Here is a curated list of the eleven most important values that I would like my daughter to appreciate by the time she turns 11.
1. Time: Most regrets we have later in our lives are about how we used our time in the past. It’s the most limited resource each of us has. An appreciation of time, its effective use cultivated earlier in life, gives the child a head start over many others.
Time is also the greatest destroyer, a ravenous mouth, consuming everything, including pain. That’s why we must give time the respect and treatment it truly deserves. We need to learn not to fritter it away ourselves and then set an example for our children. Teach children to become a master of time and not its victim.
2. Non-injury: Non-injury in thought, word and of course action. It is relatively easier to practice physical non-injury and exclusive focus on it amounts to the denial of subtle acts of injury. By our own example, we can teach children to think carefully about the impact of their words on others. It is said that the way we, as parents speak with our children, that tone becomes their inner voice. So, before you snap at your child in a fit of anger, think again. This voice may stay will them for the rest of their lives.
3. Simplicity: In this strange complex world of ours, simplicity can come surprisingly natural to us if we want it. Simplicity is beautiful, is relaxing. Simplicity is staying in the present and not making things complicated. Simplicity is enjoying a plain mind and intellect. Simplicity is freedom from excess. It is permission to simply “be.”Simplicity is appreciating the small things in life.
Simplicity helps create sustainable development. Simplicity teaches us economy — how to use our resources wisely, keeping future generations in mind. Simplicity avoids waste, avoids value clashes complicated by greed, fear, peer pressure, and a false sense of identity.
4. Love: To understand the value of love means to understand that, ‘ I am loveable and I have the capacity to love. I have love inside.’ Love is caring, sharing, being kind and being close. Love makes us feel safe and needed. When there’s lots of love inside, anger runs away.
5. Cooperation: Nobody in this world today can be truly independent. In fact, I believe true independence is impossible, it has always been. Mere survival today requires that we depend on farmers to grow food, the traders to supply it to the market, and the shops to distribute it to us. Same with water and so many other things we deem essential for survival, health and security.
Understanding that one can achieve so much more by cooperating than by striving alone is the key to learning. As a matter of fact, most of the human achievements in the sphere of arts, science, technology and commerce are products of Cooperation on a larger scale.
6. Hygiene: This involves cultivating an appreciation and preference for cleanliness and orderliness. This really needs to happen at four levels viz. our surroundings, personal hygiene, mental and sensory hygiene and finally intellectual hygiene.
My guru once said, “Even as every day while I go about my business, a little dust settles on my skin, some dirt smudges my clothes, my desk becomes littered, my mind gathers dust in my transactions with people. Smudges of envy settle, a spot of exasperation lands, streaks of possessiveness appear and overall fine dust of self-criticism, guilt and self-condemnation spread. Each day, until my false identification with the mind, dissolves and self-knowledge arises, the mind must be cleaned. What is the detergent for the mind? It is applying the opposite thought. It should be applied even though my negative attitude seems justified by circumstances. ” This skill of internal hygiene comes by training and discipline.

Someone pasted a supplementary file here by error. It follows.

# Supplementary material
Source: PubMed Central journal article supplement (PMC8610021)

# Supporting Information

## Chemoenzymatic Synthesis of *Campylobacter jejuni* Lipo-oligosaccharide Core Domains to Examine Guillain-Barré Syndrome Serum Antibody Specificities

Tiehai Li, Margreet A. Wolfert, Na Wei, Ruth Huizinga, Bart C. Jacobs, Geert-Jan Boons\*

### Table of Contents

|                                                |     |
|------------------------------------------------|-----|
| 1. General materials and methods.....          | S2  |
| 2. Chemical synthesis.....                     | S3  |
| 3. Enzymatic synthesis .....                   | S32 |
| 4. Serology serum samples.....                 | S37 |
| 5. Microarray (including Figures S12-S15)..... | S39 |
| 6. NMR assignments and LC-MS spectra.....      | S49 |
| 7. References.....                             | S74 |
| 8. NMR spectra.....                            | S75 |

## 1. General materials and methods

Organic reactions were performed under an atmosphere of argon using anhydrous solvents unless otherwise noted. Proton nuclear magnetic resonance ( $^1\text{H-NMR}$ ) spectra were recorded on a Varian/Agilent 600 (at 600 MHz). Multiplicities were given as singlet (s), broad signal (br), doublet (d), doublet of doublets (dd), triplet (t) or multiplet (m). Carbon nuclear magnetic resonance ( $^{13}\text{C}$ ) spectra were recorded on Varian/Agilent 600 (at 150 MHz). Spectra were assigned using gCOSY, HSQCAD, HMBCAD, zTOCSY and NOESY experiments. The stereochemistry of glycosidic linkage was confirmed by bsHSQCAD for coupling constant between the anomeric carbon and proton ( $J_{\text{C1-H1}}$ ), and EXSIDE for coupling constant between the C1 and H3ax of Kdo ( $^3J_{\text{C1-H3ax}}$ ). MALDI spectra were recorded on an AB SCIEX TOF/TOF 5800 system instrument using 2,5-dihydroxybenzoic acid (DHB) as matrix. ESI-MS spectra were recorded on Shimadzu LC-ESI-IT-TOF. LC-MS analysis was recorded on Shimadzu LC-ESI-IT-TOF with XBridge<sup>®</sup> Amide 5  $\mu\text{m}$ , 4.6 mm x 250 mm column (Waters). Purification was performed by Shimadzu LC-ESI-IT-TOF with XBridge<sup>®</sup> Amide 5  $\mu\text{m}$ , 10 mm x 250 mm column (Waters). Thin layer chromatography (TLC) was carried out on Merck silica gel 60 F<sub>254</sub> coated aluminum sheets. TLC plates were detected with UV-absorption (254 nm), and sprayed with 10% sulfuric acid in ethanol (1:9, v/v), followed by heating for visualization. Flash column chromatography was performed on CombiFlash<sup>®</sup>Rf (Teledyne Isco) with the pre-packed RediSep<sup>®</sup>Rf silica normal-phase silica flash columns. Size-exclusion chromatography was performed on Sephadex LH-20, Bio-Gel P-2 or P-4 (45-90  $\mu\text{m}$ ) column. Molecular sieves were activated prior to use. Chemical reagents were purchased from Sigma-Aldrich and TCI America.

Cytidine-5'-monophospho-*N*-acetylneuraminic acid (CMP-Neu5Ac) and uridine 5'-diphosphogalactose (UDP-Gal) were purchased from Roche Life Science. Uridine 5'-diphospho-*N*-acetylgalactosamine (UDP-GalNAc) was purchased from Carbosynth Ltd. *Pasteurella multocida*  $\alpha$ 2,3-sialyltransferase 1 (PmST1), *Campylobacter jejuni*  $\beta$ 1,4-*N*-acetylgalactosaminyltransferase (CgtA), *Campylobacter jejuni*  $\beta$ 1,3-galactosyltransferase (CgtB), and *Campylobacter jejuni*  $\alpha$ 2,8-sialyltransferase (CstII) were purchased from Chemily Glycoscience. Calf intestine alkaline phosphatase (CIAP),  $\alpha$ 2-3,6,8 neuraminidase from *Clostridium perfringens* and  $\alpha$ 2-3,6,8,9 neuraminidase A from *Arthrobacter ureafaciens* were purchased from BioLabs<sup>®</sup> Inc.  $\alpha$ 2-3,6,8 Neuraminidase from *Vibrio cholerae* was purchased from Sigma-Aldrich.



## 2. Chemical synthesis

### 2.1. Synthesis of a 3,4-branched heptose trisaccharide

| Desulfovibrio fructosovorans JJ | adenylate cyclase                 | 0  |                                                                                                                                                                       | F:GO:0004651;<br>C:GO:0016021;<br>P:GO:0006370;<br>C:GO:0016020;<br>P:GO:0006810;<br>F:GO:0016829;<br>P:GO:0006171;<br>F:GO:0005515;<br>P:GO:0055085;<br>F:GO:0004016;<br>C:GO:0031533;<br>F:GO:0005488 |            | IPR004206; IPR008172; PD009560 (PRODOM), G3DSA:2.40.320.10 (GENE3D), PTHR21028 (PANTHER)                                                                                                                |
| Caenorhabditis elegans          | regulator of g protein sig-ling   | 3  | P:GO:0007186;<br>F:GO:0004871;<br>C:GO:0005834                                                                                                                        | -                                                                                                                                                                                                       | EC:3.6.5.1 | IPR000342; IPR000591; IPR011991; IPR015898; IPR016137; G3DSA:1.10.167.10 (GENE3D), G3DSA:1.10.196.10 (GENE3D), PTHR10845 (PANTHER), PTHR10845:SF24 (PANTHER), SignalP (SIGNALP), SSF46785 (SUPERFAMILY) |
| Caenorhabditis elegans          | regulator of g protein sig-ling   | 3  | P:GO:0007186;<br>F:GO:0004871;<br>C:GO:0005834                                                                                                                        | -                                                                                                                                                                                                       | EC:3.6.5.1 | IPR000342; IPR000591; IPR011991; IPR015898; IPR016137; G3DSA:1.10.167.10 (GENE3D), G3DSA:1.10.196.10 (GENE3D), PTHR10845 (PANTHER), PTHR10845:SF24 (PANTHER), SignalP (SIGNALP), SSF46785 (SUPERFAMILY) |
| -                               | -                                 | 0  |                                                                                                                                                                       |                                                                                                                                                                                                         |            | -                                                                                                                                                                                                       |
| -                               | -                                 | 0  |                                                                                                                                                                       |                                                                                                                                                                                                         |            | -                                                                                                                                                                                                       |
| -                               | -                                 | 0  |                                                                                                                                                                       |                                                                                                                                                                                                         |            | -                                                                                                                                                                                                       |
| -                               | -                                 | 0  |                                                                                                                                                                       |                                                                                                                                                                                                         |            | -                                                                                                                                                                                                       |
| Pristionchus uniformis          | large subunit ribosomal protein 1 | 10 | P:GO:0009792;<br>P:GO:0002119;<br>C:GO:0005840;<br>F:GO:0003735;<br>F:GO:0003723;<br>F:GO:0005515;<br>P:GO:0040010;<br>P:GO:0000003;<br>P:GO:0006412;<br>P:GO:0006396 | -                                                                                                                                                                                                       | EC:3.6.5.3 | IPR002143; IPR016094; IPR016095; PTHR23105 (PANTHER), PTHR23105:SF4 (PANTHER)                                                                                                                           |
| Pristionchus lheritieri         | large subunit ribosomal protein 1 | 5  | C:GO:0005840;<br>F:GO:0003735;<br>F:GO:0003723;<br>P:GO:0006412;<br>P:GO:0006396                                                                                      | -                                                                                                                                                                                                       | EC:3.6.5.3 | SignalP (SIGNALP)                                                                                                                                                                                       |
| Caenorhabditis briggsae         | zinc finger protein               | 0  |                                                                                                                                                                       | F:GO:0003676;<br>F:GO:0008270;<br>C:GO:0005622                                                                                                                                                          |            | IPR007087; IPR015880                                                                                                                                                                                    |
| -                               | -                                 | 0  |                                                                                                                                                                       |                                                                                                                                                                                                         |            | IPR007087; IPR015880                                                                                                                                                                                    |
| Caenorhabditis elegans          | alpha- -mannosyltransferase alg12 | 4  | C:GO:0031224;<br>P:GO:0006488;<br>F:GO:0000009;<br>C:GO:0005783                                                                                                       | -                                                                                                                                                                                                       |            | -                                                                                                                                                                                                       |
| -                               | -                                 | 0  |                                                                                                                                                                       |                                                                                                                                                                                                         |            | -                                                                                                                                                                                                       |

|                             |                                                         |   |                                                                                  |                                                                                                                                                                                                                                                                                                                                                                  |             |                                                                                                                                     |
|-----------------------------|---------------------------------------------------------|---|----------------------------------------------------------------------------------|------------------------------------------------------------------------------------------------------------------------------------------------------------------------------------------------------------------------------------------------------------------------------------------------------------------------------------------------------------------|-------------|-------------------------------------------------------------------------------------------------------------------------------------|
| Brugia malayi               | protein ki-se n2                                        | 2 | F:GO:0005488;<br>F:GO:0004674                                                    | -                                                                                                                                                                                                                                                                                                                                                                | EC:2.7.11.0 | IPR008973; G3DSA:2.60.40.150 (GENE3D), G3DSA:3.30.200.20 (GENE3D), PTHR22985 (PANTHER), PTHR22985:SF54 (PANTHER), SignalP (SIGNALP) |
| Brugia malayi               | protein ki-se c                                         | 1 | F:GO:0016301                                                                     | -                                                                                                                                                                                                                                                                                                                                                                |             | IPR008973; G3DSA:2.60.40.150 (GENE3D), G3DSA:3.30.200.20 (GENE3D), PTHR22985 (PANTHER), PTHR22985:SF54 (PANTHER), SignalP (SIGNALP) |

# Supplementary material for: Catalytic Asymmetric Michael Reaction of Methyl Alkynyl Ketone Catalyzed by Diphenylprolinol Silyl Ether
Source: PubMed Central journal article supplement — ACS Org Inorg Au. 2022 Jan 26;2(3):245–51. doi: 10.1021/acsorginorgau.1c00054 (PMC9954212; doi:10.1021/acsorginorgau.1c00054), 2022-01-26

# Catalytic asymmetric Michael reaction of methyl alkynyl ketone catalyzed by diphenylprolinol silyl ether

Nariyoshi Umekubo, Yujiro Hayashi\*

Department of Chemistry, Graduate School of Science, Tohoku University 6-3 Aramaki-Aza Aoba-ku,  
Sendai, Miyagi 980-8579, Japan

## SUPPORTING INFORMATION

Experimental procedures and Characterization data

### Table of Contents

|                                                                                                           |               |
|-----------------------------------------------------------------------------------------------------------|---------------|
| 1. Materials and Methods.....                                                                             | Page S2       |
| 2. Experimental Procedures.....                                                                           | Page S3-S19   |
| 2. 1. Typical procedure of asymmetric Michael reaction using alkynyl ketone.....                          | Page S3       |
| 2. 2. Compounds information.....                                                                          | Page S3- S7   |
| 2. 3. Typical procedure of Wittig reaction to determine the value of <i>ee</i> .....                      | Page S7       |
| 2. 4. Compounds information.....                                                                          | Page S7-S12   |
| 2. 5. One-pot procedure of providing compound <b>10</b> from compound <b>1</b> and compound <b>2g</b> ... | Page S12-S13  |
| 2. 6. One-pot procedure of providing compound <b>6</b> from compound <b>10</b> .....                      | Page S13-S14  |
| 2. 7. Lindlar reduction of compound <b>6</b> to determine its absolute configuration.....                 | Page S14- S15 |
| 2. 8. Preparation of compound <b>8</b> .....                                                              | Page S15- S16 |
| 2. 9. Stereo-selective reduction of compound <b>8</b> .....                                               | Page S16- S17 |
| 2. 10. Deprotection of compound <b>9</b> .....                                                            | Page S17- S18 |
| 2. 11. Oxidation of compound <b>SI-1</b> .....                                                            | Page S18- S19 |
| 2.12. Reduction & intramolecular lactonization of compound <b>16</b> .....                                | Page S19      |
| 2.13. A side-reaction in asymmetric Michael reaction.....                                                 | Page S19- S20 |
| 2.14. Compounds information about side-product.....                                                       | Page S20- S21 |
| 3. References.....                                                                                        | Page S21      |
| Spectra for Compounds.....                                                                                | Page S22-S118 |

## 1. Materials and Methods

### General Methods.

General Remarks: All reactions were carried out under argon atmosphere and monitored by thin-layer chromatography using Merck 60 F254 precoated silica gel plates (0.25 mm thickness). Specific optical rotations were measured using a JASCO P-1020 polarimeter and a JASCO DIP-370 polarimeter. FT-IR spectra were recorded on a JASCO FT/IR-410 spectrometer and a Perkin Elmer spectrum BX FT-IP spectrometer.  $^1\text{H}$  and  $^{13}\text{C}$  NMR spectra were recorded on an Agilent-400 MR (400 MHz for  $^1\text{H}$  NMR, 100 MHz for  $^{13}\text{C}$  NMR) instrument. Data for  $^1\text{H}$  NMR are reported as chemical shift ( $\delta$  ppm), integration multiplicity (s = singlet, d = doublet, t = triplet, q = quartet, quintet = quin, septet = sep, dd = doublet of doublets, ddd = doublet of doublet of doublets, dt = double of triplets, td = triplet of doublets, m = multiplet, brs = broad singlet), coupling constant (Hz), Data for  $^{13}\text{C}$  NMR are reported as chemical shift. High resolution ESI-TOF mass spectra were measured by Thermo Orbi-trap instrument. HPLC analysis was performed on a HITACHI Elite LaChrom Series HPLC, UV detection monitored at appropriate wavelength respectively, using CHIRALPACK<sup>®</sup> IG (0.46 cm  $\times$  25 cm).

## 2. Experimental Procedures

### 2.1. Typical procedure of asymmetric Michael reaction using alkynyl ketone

7. Self-control: It is the ability to regulate one’s emotions, thoughts, and behaviour in the face of temptations and impulses. Self-control is necessary for regulating one’s behaviour in order to achieve specific goals. It is the ability to give up on small, short gains for reaping larger, long term benefits. Or it can also mean tolerating short term discomfort to attain comfort in the longer term. It can apply to all areas of achievement like health, diet, exercise, hard work, savings and so on.
8. Persistence: It is an age-old adage that when the going gets tough, the tough get going. There are also aphorisms like ‘try till you succeed’ or ‘never give up’ that reinforce the value of persisting in our endeavours till we meet a certain level of success that we can be content with.
9. Rectitude / Congruence: It means cultivating uprightness or straightness in behaviour. It requires bringing an alignment between thought, word and deed. Only a mind which is free from cognitive dissonance or inner conflict can cultivate rectitude.
We can also include the value of truthfulness under this value. It means being able to freely speak the truth and stand by the truth as far as possible and in a way that it doesn’t cause mental injury to another person who doesn’t deserve it.
10. Respect for teachers: This involves developing not just a sense of respect but also a deep sense of gratitude for the teachers that contribute to our inner growth. This respect is elevated to the level of even reverence for our spiritual teachers or Guru.
11. Responsibility: This is one of the hardest to learn values later in life. Being responsible means you do the things you are expected to do, irrespective of whether you are in the mood for it and accept the consequences (results) of your actions. For children, responsibility can mean caring, taking care of things, helping others as per capacity, doing their share of work and doing their bit to make this world a better place.
In the end, remember that the best way to teach values is through your own example. Nothing beats that one!